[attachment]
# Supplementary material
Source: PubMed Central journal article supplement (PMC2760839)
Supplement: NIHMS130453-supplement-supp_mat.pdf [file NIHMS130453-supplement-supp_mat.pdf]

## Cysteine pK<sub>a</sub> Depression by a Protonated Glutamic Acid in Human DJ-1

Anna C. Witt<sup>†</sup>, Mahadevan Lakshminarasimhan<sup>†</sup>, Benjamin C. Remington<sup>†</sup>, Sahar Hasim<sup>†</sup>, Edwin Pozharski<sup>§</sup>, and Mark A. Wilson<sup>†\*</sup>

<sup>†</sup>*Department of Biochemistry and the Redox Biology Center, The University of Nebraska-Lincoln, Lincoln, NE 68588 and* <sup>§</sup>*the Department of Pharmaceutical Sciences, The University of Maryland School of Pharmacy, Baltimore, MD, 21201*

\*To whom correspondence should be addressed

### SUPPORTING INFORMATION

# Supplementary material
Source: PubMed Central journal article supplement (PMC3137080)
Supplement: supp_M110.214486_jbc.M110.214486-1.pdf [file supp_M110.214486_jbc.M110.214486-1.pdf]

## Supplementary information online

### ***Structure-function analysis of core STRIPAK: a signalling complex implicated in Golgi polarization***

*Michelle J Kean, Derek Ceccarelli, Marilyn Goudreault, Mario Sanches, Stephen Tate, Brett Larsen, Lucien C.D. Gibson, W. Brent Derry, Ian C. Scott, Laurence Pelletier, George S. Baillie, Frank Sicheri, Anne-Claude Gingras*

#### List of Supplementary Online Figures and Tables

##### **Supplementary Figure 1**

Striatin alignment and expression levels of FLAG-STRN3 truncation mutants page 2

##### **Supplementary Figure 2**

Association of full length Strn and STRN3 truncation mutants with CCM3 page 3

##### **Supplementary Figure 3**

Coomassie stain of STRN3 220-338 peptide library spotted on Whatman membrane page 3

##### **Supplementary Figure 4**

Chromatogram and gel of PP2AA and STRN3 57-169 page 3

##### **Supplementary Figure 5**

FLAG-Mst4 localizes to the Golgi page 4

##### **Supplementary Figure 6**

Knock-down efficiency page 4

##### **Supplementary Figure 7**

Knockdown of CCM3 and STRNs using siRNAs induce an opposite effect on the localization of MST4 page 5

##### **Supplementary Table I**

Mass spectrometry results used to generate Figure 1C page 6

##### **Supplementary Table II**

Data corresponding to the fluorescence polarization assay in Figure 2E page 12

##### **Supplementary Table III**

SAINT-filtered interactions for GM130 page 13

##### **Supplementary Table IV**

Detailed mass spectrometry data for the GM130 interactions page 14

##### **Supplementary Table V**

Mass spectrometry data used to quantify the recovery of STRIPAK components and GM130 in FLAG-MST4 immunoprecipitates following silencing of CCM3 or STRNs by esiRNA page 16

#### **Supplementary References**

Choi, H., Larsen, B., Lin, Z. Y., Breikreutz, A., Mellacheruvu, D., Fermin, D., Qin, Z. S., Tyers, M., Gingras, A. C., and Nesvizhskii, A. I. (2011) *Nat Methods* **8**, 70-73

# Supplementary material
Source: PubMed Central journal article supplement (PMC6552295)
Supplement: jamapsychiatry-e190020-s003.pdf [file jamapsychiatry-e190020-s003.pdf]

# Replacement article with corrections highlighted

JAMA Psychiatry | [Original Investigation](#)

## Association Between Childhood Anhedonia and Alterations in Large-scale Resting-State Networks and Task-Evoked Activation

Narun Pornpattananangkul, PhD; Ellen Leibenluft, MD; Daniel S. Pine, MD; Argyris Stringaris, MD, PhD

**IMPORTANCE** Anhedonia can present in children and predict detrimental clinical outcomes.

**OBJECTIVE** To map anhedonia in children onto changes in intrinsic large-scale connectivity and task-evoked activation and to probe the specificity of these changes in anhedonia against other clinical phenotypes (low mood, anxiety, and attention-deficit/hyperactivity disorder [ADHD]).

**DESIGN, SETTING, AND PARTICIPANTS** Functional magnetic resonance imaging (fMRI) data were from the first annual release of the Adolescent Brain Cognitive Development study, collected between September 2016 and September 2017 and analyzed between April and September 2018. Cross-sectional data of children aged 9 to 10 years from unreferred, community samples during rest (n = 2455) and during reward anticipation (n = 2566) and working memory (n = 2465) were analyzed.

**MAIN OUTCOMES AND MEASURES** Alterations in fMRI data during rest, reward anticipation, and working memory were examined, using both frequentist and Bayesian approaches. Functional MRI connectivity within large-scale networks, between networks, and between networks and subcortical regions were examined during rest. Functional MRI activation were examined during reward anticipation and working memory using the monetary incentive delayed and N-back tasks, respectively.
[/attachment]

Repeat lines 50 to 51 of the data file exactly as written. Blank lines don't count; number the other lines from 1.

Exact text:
**OBJECTIVE** To map anhedonia in children onto changes in intrinsic large-scale connectivity and task-evoked activation and to probe the specificity of these changes in anhedonia against other clinical phenotypes (low mood, anxiety, and attention-deficit/hyperactivity disorder [ADHD]).

**DESIGN, SETTING, AND PARTICIPANTS** Functional magnetic resonance imaging (fMRI) data were from the first annual release of the Adolescent Brain Cognitive Development study, collected between September 2016 and September 2017 and analyzed between April and September 2018. Cross-sectional data of children aged 9 to 10 years from unreferred, community samples during rest (n = 2455) and during reward anticipation (n = 2566) and working memory (n = 2465) were analyzed.